Richard Fain

Richard Fain, chairman and CEO of Royal Caribbean Cruises Limited, discusses some of the contrasts between older ship building technology and newer ship technology in 2017 in Miami. 

Alaska’s summer cruise ship season may set sail after all.

Richard D. Fain, who heads Royal Caribbean Group, said that the U.S. cruise industry is on a course to resume sailing “in time for an Alaskan season,” after receiving updated guidance from the CDC.

Fain, chairman and CEO of Royal Caribbean Group, said that the CDC notified cruise officials Wednesday that it had “addressed uncertainties and concerns we had raised.”

“They have dealt with many of these items in a constructive manner that takes into account recent advances in vaccines and medical science,” he said. 

“Although this is only part of a very complex process, it encourages us that we now see a pathway to a healthy and achievable return to service, hopefully in time for an Alaskan season.”

In a letter from the CDC to cruise line officials, obtained by USA Today, the public health agency indicated it would modify guidance for large commercial cruise ships to resume voyages.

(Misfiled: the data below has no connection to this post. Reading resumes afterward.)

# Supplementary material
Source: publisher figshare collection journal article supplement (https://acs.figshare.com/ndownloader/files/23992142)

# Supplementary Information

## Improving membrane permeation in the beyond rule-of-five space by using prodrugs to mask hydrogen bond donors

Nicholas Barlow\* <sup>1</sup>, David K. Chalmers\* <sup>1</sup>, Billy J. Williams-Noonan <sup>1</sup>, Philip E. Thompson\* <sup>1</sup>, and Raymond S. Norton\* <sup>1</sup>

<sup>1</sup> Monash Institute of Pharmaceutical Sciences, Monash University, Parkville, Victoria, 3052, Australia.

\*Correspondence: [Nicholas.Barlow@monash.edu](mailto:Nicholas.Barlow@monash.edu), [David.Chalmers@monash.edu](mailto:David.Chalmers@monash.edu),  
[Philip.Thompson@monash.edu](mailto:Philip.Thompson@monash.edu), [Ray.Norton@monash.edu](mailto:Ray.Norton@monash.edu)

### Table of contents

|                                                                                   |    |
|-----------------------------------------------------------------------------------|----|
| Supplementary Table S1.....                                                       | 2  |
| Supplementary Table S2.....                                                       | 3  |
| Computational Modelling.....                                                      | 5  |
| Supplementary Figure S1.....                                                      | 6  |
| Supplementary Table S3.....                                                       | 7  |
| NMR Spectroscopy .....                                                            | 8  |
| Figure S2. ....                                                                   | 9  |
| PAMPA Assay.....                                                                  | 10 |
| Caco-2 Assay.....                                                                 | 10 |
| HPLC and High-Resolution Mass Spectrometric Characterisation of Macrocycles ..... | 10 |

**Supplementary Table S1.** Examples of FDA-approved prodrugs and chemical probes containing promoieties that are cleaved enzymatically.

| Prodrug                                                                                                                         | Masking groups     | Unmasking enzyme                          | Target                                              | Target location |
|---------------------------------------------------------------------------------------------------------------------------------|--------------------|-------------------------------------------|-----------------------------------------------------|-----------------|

• That guidance would require that 98% of the crew and 95% of passengers be fully vaccinated against Covd-19.

• The guidance paused some of the pre-conditions for simulated voyages prior to a return to service.

• The cruise lines would need to have plans in place with port communities for providing emergency care if passengers become ill with the virus during travel.

The CDC letter was published Thursday, as the Biden Administration and the public health agency come under pressure by the U.S. cruise industry and states that rely on summer cruise tourism, including Alaska.

Cruise ship sailings could resume as early as mid-July, cruise industry officials said.

According to Cruise Industry News, the CDC stated that it is “committed to the resumption of passenger operations in the United States following the requirements in the conditional sail order by mid-summer.”

Alaska and Florida have filed lawsuits against the CDC and federal officials over the shutdown of voyages by the large commercial vessels since 2020, when the pandemic was declared a national emergency.

Cruise line officials said recently that restrictions would need to ease soon, if the summer cruise season is to be salvaged, to allow for bookings and ship preparation for voyages.

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